May 09 2012

Mama Drama

Category: CreativityPatricia @ 2:54 pm

Mothers. We all have one.  And each one of us has a very unique relationship with her. Siblings may share a mother, but each one of them has their own version. Most of us love our mothers. And the majority of mothers love our children more than life. I think it’s safe to say, we all want to be loved by our mothers. So, if it’s all about love, why is this such a complicated relationship?

Mothers install our “buttons” and therefore, have a keen ability to know how and when to push them! It doesn’t matter if you are 50, your mom can still hit the button as if you were 5! Mothers are our first teachers. They tell us who we are and build our foundation. They write the beginning to our life story. And we believe every word they say, good and bad. Your mom may tell you that you are brilliant and beautiful, or she may say that you are lazy and worthless. Mothers give us the “truth” of who we are but sometimes it is a lie.

bouquet of flowersAs Mother’s Day approaches, each of us has an opportunity to consider this relationship. We may choose to honor our mother with a special gift or gathering because we truly want to spend time with her. Or we may do it out of guilt feeelings. But we do it, because we all really want to love our mothers.

Like everyone else, I have a complicated relationship with my mom. She’s 87 now and has forgotten most of her life. I wonder if she would remember the dress. Six years ago after she’d suffered a stroke, I found it hanging in her closet when I was clearing out her home. My first reaction was one of disbelief. And then I cried.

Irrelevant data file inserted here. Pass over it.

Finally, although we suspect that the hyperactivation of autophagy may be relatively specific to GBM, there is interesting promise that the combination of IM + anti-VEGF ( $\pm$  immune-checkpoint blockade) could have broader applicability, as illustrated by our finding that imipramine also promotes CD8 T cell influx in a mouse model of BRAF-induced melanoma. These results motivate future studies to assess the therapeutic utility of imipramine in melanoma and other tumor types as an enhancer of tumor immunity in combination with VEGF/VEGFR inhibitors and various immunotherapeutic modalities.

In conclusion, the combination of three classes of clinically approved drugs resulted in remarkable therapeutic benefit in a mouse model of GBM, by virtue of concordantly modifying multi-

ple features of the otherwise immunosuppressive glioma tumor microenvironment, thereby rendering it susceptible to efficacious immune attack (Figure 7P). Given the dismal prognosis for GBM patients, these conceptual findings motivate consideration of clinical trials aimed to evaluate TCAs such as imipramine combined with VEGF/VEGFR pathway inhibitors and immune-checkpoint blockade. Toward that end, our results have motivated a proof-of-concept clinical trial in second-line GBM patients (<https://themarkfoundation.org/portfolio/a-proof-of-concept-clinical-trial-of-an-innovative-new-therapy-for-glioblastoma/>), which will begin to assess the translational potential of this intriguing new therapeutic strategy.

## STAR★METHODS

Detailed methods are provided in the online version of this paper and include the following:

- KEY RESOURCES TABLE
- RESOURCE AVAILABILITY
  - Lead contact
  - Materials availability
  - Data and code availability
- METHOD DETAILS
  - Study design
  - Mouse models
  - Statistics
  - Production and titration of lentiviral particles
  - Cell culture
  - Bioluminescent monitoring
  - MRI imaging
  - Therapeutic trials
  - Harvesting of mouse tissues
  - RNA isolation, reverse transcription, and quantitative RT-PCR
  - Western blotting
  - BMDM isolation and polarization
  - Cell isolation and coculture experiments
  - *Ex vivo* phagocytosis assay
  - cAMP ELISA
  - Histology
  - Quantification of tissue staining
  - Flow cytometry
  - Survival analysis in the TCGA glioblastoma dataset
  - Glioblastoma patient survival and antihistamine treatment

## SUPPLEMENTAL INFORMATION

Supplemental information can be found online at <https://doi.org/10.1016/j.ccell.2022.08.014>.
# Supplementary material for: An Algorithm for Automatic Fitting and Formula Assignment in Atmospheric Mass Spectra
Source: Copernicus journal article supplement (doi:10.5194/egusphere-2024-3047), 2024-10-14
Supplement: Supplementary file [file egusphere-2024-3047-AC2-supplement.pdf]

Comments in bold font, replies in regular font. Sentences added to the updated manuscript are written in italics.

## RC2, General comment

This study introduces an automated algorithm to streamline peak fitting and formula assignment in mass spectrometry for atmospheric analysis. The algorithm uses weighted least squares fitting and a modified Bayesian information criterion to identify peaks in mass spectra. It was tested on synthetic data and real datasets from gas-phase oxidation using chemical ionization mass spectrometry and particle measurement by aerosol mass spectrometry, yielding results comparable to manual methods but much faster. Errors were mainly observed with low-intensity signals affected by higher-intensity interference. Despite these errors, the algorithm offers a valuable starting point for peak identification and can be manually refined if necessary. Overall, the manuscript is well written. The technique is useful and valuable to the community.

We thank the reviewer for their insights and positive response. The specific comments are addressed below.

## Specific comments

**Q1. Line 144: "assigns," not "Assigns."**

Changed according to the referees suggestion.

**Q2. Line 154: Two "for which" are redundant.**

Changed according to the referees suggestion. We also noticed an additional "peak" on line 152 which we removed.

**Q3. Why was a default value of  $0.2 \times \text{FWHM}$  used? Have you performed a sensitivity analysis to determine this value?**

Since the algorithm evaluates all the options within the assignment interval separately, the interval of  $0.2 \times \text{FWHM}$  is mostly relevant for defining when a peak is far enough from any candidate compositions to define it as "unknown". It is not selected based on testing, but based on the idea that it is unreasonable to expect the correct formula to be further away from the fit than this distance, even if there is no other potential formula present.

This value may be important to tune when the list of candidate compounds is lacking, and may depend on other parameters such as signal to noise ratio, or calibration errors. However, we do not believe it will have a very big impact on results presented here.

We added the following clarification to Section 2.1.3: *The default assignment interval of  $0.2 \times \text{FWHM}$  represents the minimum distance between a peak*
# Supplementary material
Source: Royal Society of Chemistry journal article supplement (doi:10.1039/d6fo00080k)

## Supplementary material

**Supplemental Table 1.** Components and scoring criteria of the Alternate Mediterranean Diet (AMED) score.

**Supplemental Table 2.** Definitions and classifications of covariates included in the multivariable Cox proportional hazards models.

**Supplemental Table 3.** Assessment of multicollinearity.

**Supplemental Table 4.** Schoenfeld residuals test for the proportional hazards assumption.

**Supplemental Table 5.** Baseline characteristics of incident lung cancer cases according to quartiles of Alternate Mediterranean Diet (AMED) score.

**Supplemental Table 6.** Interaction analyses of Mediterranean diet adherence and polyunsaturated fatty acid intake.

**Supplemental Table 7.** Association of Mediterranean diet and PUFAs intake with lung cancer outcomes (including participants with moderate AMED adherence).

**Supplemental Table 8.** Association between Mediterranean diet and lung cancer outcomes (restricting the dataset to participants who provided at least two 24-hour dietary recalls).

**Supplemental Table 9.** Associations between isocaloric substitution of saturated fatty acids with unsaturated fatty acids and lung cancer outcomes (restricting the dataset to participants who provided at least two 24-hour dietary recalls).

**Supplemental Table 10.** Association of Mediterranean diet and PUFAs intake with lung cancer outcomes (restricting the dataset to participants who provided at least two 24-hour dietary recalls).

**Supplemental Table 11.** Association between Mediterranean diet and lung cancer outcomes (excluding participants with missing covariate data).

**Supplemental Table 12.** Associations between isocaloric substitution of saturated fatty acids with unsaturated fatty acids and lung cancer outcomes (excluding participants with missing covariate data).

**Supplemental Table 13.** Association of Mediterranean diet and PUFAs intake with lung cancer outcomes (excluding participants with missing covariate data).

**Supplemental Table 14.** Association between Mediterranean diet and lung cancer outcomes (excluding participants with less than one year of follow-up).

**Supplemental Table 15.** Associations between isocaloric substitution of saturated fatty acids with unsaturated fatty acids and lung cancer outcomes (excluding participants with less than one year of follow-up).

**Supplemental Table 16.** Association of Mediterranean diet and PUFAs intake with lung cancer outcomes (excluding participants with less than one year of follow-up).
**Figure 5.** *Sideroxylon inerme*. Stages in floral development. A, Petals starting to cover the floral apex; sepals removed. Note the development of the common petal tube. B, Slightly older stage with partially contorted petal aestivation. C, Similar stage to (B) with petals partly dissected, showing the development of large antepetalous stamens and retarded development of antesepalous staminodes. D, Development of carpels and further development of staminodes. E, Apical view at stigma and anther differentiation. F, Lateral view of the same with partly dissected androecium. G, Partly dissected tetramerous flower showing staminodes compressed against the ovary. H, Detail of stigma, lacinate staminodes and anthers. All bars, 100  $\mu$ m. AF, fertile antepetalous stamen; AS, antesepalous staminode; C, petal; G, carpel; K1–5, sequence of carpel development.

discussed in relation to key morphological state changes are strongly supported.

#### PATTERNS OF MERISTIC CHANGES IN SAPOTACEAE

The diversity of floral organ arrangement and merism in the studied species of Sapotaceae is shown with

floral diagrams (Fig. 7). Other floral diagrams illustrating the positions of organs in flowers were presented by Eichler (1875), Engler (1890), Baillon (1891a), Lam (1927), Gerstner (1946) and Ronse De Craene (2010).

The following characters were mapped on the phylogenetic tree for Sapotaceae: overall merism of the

In the closet of the guest bedroom, there hung an odd assortment of clothes; heavy winter woolens; Dad’s suits (which were only brought out for weddings and funerals); and a blue linen dress. The dress had been a gift from me to Mom. It was more than 40 years old. It had been so precious to her, that she had kept it all those years. Wow. It was a bittersweet discovery, because I was reminded of that time long ago when I created it. It wasn’t a pleasant memory.

I was 14 years old. I had been taught to sew by my Aunt Evelyn when I was 12. She was a very accomplished seamstress who insisted that the inside of the garment be as perfect as the outside. Seams were to be a uniform 5/8” in width and all were to be finished. No raw edges or fraying seams! Details mattered. I was an avid student and really enjoyed sewing, creating and wearing clothes I had designed. At one point, I was considering learning how to make shoes for the complete outfit!

When I decided to make the dress for Mom, I intended to do an impeccable job. I wanted to make her happy. (A task I came to realize was not only outside of my power, but was also impossible.) We chose a pattern and fabric. I took measurements so that it would be tailor-made. I conferred with Aunt Evelyn. And I diligently and expertly constructed the garment. But then came the fitting. Mom said that I did a shitty job; that I didn’t do it as well as if I were making it for myself; that it wasn’t good enough.

I don’t remember what was wrong with the dress. In my mind’s eye, I can see her standing in front of the mirror and tugging at it and pulling it and accusing me. There are no memories of a “thank you” or “good job” or any acknowledgement of the effort or the gift. I do remember that she wore the dress and it fit her like a glove. So, for 40 years I carried this memory of a dress that wasn’t good enough; another gift that did not please her. And Mom carried the memory of a gift that was so special, the dress was worth holding on to forever. Finding that dress was a priceless gift to me. It was the unsaid “Thank you. I appreciate this beautiful gift. I know you made it for me with love. I love you, dear child.”

I’m preparing my Mother’s Day gift…simple photos of the family to remind her that she is loved. I‘ve kept the blue dress as my reminder of words unspoken, yet expressed. Perhaps we can all learn to speak our love more freely so it won’t be hidden away to gather dust in the closet.

Tags: , , , , ,

Leave a Reply